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Children and young people with intellectual disability and/or Autism Spectrum Disorder (autism) experience higher rates of mental health problems, including depression, than their typically developing peers. Although international guidelines suggest psychological therapies as first-line intervention for children and young people, there is limited evidence for psychological therapy for depression in children and young people with intellectual disability and/or autism.
To evaluate the current evidence base for psychological interventions for depression in children and young people with intellectual disability and/or autism, and examine the experiences of children and young people with intellectual disability and/or autism, their families and therapists, in receiving and delivering psychological treatment for depression.
Databases were searched up to 30 April 2020 using pre-defined search terms and criteria. Articles were independently screened and assessed for risk of bias. Data were synthesised and reported in a narrative review format.
A total of 10 studies met the inclusion criteria. Four identified studies were clinical case reports and six were quasi-experimental or experimental studies. All studies were assessed as being of moderate or high risk of bias. Participants with intellectual disability were included in four studies. There was limited data on the experiences of young people, their families or therapists in receiving or delivering psychological treatment for depression.
Well-designed, randomised controlled trials are critical to develop an evidence base for psychological treatment for young people with intellectual disability and/or autism with depression. Future research should evaluate the treatment experiences of young people, their families and therapists.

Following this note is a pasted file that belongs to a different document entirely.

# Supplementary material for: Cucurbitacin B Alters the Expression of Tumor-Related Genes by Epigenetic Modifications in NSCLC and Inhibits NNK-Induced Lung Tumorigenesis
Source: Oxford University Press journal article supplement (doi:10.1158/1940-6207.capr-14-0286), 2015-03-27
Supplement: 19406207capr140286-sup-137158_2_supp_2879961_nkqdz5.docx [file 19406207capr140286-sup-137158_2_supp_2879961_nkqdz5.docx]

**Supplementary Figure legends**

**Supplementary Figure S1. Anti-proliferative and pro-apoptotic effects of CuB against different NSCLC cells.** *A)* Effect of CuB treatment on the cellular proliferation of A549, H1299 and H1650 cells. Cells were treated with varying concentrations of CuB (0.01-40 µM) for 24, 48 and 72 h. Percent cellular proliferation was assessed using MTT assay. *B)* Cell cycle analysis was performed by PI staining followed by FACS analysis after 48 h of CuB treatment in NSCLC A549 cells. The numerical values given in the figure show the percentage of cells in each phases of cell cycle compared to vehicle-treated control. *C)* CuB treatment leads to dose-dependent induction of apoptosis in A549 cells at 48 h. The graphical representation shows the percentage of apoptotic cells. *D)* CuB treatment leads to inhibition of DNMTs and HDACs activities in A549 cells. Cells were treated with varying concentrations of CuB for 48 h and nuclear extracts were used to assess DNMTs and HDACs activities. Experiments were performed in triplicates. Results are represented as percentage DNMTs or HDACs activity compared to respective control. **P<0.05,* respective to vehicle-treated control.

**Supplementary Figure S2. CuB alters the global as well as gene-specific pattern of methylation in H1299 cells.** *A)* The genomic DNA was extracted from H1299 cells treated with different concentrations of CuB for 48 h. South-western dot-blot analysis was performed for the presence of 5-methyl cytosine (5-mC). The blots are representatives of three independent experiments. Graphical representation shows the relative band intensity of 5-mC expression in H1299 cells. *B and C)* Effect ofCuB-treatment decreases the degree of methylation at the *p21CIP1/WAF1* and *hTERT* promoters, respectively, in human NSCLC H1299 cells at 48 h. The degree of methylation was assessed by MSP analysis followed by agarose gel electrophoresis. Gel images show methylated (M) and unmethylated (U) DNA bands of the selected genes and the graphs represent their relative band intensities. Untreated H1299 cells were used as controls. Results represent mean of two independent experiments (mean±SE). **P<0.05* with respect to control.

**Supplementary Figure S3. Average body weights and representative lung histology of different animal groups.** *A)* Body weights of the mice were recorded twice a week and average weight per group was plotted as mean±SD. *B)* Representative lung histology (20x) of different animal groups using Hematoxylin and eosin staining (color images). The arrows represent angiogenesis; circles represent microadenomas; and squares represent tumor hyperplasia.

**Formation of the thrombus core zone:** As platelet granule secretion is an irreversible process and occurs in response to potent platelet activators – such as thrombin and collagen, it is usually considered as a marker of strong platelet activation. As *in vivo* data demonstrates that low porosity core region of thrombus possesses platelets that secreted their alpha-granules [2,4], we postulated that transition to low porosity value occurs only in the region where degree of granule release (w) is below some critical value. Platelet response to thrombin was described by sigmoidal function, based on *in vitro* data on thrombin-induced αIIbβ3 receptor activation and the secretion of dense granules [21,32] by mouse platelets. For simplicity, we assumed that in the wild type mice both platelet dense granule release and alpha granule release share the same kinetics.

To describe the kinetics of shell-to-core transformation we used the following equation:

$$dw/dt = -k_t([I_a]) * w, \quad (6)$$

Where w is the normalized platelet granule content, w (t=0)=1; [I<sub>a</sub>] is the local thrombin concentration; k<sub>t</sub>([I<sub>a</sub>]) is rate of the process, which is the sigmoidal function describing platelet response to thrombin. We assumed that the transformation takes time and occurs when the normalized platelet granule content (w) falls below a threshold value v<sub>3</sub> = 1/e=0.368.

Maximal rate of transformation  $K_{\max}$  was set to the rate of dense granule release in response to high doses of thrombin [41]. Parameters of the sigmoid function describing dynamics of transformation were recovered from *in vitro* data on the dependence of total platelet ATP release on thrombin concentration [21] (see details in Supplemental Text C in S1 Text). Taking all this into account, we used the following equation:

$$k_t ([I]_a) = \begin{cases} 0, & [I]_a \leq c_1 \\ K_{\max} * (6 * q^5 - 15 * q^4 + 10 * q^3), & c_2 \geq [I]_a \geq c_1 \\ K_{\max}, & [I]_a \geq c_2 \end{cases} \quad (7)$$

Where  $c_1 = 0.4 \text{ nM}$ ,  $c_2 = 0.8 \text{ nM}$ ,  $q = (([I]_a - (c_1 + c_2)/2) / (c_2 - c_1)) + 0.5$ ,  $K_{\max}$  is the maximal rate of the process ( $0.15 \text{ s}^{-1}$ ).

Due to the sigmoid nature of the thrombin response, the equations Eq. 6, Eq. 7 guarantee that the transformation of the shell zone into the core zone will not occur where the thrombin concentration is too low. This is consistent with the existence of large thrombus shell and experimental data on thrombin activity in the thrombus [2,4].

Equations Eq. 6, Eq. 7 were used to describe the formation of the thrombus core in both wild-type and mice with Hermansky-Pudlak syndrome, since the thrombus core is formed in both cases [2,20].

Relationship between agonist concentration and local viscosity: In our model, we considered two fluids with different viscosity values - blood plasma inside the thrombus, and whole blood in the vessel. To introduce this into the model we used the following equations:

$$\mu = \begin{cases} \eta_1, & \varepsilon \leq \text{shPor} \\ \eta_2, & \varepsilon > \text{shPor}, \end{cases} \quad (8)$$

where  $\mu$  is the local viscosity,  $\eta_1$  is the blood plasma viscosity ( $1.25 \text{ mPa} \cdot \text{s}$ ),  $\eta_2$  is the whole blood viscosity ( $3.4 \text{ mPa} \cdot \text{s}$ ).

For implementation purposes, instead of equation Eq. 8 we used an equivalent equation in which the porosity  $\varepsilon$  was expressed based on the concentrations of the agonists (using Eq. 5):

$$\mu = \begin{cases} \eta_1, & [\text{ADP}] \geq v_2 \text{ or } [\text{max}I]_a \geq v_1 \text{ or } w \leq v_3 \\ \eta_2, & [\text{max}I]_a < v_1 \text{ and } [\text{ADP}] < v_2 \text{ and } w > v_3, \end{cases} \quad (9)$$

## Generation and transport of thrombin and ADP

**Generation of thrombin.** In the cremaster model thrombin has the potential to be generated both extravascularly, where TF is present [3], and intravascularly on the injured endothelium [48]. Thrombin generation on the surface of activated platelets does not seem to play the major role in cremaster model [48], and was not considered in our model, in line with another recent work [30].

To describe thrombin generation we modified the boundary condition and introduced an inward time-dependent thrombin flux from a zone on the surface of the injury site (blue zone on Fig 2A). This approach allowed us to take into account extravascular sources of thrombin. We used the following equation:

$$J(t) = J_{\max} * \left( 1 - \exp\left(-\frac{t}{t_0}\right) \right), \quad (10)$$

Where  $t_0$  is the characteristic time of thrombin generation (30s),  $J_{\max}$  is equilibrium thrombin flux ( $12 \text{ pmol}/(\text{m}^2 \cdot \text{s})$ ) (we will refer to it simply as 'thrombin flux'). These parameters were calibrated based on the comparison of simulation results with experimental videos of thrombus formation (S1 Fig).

The relevance of schema theory to psychopathology, in particular personality disorder, in younger adults is established. Investigations into the relevance of schema theory to older adults, however, is highly limited.
To consider the relationship of schema modes to psychopathology in older adults and establish whether maladaptive schema modes are associated with unmet needs and that this relationship is mediated by the healthy adult mode of responding in this population.
One hundred and four older adults were recruited from an established database. Participants completed questionnaires assessing psychopathology, schema modes (YAMI: Young-Atkinson Mode Inventory) and basic psychological needs (BPNS: Basic Psychological Needs Scale – autonomy, competence and relatedness). Ninety-four responses were included after applying exclusion criteria.
The healthy adult schema mode was found to be associated with reduced psychopathology, and maladaptive child modes (angry and vulnerable child) to increased psychopathology. The healthy adult schema mode mediated the relationship between maladaptive child modes and needs satisfaction.
As predicted by schema theory, the presence of one of the maladaptive child modes makes it difficult for an older individual to have their needs met, but the presence of healthy adult mode works to support this process.
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